Yes, he is a Christian.
And yes, he is an addict in recovery.
"Sinner's Creed," Scott Stapp's much-anticipated memoir, brings to light the faith the Creed frontman had been afraid to embrace publicly for many years. In it, he expresses the faith that he says may have saved him untold pain and struggle had he placed it foremost in his life. Early on in Stapp’s career, he shied away from the label of “Christian band” as he was the only believer in the group. These days, he has no trouble with being both a Christian and a rock-and-roller.
Stapp, who wrote the rock anthems “With Arms Wide Open” and “Higher” in the 90's, comes clean in "Sinner’s Creed."
“My recovery was, is and will always be ongoing,” Stapp wrote. “I can’t speak for others, but for me it will never be a sudden and permanent transformation. It’s something I’m always going to have to work on and stay committed to. It’s a reprieve that comes daily, based on spiritual maintenance.”
"Sinner’s Creed" chronicles Stapp's abandonment by his father and early upbringing by a single mother with his sisters, and the seemingly miraculous arrival of a “perfect” step-father into his life. He writes about rejection and abandonment and his determination to be a perfect Christian growing up. The seeking of a father and the drive to become “good enough” are recurrent themes for Stapp, and he cannot seem to capture either. He admits he has battled depression, endured abuse as a child and inflicted pain on himself as an active alcoholic. He has studied the ways of his Cherokee ancestors, drawn boundaries with family members who endanger his sobriety and made an attempt on his own life in the past. And as a follower of Christ, he makes it clear that Christians are not immune to trouble and struggle in life. He blames much of his suffering on himself, noting God had never moved away from him and he was the one turning away.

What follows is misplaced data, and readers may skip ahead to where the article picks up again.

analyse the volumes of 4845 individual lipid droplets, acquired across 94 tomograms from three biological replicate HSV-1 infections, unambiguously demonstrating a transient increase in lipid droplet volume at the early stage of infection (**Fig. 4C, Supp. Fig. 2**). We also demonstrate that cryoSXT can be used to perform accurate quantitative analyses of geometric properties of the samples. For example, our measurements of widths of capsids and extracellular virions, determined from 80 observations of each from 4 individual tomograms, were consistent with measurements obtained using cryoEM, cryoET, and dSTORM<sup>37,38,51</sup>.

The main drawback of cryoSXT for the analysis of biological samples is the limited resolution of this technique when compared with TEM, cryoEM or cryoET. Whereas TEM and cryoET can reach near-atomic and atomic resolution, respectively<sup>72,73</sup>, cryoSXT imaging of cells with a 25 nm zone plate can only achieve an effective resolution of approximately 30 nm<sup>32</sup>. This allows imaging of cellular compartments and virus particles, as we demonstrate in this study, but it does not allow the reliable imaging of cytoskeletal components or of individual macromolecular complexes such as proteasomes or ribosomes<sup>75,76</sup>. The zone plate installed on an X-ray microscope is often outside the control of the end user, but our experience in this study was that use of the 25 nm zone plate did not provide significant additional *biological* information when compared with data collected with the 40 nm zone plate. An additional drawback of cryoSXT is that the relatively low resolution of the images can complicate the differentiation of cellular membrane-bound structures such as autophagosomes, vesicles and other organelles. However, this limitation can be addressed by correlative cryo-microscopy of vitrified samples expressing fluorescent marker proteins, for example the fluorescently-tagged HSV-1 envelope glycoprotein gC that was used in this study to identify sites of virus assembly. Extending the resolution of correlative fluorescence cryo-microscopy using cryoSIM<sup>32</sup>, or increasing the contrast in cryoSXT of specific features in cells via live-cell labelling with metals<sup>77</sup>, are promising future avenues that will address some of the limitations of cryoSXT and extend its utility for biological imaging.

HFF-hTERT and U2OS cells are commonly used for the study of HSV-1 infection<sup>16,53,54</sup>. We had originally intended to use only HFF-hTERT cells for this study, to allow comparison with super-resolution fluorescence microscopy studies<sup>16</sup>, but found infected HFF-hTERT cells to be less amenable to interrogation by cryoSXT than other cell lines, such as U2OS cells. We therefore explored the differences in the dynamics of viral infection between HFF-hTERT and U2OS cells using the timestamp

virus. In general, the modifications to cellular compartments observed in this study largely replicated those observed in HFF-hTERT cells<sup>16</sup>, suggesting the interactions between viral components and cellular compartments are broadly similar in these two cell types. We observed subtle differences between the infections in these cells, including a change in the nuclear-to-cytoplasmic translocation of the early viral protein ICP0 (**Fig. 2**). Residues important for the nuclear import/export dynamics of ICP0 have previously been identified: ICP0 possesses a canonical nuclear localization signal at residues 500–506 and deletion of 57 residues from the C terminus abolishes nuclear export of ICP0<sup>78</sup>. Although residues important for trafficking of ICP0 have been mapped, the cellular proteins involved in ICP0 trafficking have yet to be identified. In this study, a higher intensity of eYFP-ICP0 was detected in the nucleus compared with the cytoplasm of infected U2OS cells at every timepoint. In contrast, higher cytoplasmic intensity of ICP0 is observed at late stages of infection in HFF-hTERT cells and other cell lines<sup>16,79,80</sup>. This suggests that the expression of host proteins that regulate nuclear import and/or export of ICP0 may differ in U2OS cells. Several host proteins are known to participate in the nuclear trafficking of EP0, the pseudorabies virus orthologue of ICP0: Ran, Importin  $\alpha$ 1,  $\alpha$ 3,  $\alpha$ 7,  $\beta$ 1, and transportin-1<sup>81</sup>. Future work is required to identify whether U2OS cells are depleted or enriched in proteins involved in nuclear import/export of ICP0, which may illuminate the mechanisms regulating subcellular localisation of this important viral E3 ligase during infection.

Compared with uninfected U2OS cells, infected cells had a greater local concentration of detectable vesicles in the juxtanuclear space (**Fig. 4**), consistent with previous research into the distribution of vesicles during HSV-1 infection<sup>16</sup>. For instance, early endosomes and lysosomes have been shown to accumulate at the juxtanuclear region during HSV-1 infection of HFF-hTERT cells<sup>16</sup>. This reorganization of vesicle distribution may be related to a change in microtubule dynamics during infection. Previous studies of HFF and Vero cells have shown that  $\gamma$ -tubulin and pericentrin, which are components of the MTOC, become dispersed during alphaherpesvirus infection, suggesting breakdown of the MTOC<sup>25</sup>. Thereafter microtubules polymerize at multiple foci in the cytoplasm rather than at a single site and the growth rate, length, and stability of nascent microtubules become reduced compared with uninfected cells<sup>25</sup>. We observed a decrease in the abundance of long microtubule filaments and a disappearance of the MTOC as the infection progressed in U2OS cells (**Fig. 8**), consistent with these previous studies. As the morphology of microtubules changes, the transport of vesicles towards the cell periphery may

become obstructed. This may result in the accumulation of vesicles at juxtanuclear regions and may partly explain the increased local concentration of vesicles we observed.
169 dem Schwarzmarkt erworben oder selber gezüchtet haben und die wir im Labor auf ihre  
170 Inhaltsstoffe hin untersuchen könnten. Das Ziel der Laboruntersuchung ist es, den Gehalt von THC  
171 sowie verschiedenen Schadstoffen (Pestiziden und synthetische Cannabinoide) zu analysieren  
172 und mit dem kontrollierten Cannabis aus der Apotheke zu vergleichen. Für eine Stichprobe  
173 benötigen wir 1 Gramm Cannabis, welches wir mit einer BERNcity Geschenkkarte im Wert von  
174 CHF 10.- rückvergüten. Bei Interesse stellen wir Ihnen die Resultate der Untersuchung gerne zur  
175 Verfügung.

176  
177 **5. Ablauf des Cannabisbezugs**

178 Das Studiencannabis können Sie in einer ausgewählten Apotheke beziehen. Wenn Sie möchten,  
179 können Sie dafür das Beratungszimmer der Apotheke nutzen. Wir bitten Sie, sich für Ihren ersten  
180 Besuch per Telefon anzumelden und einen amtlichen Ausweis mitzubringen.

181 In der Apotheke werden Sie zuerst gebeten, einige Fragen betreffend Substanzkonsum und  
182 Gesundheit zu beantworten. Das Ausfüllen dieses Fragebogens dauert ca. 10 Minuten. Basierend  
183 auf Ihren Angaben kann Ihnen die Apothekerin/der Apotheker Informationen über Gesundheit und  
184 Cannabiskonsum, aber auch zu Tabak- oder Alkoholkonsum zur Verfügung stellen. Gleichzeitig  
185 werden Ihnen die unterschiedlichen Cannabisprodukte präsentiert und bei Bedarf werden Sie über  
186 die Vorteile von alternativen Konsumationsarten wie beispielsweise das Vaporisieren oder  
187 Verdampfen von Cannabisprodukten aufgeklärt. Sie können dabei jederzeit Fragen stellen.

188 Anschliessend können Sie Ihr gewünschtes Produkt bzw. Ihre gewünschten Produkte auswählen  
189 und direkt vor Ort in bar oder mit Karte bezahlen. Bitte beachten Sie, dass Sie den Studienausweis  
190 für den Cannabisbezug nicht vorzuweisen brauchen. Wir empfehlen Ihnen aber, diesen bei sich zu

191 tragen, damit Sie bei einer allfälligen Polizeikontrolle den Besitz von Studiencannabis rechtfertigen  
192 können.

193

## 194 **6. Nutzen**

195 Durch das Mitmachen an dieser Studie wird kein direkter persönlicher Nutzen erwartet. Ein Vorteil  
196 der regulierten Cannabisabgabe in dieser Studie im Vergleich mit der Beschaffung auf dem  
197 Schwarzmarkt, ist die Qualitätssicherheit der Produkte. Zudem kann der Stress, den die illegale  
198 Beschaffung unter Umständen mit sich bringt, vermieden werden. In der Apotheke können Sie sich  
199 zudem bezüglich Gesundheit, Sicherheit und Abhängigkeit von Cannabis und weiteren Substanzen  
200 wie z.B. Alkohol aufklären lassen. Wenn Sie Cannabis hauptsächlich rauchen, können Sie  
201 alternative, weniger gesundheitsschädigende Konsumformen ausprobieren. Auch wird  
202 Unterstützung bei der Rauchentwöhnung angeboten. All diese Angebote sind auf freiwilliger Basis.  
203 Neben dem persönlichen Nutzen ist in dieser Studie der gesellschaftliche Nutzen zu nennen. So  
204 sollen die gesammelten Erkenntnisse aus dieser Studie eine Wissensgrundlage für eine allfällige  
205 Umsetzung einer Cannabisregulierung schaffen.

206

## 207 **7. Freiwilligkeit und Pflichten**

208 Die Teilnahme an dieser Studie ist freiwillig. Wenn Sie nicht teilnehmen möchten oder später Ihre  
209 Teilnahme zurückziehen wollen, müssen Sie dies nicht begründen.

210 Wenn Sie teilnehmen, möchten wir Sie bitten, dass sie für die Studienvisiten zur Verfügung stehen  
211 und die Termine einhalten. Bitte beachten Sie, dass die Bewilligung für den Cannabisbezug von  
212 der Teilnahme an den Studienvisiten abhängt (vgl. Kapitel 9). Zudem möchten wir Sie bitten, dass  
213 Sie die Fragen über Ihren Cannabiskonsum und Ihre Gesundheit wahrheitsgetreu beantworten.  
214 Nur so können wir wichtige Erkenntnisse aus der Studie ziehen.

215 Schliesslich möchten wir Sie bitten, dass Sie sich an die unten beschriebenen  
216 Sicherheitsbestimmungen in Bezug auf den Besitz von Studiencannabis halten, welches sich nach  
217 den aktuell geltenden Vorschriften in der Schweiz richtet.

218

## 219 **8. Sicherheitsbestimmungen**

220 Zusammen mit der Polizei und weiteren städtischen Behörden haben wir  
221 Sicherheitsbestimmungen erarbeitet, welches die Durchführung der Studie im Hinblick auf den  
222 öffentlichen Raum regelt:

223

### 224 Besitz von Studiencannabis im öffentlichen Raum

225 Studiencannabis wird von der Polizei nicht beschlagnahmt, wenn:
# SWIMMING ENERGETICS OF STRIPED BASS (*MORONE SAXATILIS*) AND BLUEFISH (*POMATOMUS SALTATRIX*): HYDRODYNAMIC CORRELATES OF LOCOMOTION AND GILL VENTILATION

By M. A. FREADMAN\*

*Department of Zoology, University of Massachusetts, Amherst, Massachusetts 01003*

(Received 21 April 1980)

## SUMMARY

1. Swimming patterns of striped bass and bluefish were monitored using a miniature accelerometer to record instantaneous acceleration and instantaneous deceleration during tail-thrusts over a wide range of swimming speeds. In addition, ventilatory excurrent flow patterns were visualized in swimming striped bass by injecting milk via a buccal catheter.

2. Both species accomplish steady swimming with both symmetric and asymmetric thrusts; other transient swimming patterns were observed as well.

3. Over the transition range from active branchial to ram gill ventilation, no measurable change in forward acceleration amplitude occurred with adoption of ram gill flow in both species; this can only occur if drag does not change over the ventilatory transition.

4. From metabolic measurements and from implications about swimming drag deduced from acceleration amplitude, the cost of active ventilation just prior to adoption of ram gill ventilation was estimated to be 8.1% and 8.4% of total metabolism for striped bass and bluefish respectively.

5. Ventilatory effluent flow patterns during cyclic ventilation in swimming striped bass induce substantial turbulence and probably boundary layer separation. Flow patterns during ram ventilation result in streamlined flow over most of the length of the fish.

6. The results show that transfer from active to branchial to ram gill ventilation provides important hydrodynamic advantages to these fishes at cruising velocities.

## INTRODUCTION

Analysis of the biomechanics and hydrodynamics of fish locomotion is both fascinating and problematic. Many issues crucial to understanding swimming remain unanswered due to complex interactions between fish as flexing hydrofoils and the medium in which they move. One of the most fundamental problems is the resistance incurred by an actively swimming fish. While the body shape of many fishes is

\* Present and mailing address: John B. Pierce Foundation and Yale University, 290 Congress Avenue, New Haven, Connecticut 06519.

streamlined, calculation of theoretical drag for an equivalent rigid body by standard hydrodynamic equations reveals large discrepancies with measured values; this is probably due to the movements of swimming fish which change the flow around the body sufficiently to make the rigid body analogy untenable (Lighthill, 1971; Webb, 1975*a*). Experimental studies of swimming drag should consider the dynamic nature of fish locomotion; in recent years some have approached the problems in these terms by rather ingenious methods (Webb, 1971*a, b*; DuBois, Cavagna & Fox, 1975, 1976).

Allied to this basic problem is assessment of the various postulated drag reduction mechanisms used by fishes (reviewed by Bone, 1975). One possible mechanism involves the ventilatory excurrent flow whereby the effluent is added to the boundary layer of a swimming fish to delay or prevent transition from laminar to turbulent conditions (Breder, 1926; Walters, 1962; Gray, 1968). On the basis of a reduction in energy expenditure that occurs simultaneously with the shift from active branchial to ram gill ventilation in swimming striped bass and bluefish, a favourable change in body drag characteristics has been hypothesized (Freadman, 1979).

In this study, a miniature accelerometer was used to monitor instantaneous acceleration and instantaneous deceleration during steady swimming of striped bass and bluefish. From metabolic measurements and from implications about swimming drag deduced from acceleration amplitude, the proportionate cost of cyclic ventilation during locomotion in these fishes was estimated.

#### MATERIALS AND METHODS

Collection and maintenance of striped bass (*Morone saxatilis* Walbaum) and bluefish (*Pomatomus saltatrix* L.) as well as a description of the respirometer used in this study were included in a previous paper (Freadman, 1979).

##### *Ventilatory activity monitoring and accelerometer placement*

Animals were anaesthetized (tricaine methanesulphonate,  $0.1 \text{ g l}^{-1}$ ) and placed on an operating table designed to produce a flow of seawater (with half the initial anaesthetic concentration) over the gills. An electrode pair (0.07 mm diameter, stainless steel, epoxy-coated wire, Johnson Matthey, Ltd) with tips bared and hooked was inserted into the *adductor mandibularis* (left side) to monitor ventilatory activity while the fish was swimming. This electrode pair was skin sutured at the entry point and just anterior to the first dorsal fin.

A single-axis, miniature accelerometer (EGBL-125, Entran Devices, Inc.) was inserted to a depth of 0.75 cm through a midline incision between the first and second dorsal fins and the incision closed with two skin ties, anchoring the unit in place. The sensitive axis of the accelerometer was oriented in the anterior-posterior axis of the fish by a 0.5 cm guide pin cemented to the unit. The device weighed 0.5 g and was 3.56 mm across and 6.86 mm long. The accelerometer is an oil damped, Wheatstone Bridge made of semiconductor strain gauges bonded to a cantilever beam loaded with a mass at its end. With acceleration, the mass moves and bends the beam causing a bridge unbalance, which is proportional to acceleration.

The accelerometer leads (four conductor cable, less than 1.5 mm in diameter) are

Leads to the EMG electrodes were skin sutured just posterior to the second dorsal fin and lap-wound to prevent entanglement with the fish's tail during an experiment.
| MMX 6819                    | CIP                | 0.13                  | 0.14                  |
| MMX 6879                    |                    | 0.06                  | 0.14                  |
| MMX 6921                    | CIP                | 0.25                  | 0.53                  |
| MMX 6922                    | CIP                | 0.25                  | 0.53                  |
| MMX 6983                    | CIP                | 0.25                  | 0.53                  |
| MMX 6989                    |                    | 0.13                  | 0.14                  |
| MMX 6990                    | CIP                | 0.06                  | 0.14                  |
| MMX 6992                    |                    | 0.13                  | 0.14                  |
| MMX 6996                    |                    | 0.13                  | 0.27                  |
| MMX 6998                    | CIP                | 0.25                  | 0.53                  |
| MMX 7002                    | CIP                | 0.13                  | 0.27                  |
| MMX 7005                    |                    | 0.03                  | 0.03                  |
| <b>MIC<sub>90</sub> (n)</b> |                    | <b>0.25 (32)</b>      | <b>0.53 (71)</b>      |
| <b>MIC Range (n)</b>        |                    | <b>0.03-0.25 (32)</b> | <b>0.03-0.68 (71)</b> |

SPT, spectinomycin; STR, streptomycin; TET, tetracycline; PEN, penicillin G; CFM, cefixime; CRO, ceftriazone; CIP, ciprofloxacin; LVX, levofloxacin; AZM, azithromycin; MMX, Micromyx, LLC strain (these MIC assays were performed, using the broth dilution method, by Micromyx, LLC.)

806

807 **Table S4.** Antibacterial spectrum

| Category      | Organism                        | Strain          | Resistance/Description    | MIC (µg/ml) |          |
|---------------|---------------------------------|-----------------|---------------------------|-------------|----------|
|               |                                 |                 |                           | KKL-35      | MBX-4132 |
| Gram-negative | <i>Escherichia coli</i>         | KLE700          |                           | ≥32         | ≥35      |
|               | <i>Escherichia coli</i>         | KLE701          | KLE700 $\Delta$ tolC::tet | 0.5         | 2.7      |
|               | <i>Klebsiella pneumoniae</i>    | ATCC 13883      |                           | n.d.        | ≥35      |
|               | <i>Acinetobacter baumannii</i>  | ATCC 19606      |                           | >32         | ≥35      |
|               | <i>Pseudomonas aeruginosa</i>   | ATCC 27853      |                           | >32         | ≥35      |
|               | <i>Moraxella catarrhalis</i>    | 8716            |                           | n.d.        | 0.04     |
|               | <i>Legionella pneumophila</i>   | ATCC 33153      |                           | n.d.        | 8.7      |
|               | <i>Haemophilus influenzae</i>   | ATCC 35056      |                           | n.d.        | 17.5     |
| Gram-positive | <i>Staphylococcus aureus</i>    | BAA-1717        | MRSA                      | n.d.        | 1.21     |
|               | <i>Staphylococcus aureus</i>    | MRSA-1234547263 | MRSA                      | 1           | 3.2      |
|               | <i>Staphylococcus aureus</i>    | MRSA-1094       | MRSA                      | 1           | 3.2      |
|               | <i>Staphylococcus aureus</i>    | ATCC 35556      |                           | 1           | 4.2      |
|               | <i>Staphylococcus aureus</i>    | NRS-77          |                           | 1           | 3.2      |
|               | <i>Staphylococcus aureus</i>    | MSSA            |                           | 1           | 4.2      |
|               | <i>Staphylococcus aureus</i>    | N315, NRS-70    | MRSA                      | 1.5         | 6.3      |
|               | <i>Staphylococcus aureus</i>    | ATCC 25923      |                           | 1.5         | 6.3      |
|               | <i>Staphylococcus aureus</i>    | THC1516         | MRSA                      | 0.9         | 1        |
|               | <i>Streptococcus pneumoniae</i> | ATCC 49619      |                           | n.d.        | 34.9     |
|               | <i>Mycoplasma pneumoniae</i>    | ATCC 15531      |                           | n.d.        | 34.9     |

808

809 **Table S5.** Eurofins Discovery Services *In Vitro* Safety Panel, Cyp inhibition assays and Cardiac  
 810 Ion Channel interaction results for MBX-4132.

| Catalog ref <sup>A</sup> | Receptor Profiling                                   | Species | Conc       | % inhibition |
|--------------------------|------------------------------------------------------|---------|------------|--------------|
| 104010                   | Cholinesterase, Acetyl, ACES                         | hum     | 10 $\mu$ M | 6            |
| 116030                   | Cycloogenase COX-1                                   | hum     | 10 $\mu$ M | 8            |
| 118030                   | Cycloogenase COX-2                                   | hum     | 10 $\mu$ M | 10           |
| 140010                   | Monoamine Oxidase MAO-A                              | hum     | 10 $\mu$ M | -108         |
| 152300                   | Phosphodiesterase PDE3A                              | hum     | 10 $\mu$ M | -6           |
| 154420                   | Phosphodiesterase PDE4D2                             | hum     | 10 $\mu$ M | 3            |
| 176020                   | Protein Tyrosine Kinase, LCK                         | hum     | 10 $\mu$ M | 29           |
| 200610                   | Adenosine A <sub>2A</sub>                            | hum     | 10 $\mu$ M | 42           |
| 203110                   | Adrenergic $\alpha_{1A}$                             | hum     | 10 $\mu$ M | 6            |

For Creed fans, he weaves a fascinating story of the birth of the wildly successful band, and the undoing of it. For Stapp, who was forbidden to listen to secular artists throughout his high school years, it was all about the music. He makes up for lost time in college- discovering The Doors and Led Zepplin and devouring great works of literature as well - and becomes determined to follow in Jim Morrison’s talented footsteps. His talent as a musician and lyricist brings him the same level of adulation. This is also the story of how dangerously close he came to that same end.
It is ultimately the story of a man who held the adoration of the world and owned all its trappings, but is still walking wounded. The dual thieves of addiction and depression took it all away from him until there were only two things remaining: a return to the only Real Father who could fill the void, and total surrender to his obsession with becoming “good enough”.
Stapp is never preachy in the book, and never loses the communication of humility. But neither is he apologetic about his salvation, which is found not in a generic power higher than himself, but in Jesus Christ. With that redemption, he leans on the love of his wife and children and the 12-steps of recovery, and looks anxiously forward to a new life – with arms wide open.
“For me,” he writes. “The first three steps can be summarized in seven words:
1. Scott can’t.
2. God can.
3. Scott lets God."
To this, I would add an addition: Stapp shares his story of redemption and recovery with the world in "Sinner’s Creed."
Thank you, Scott. God bless and rock on.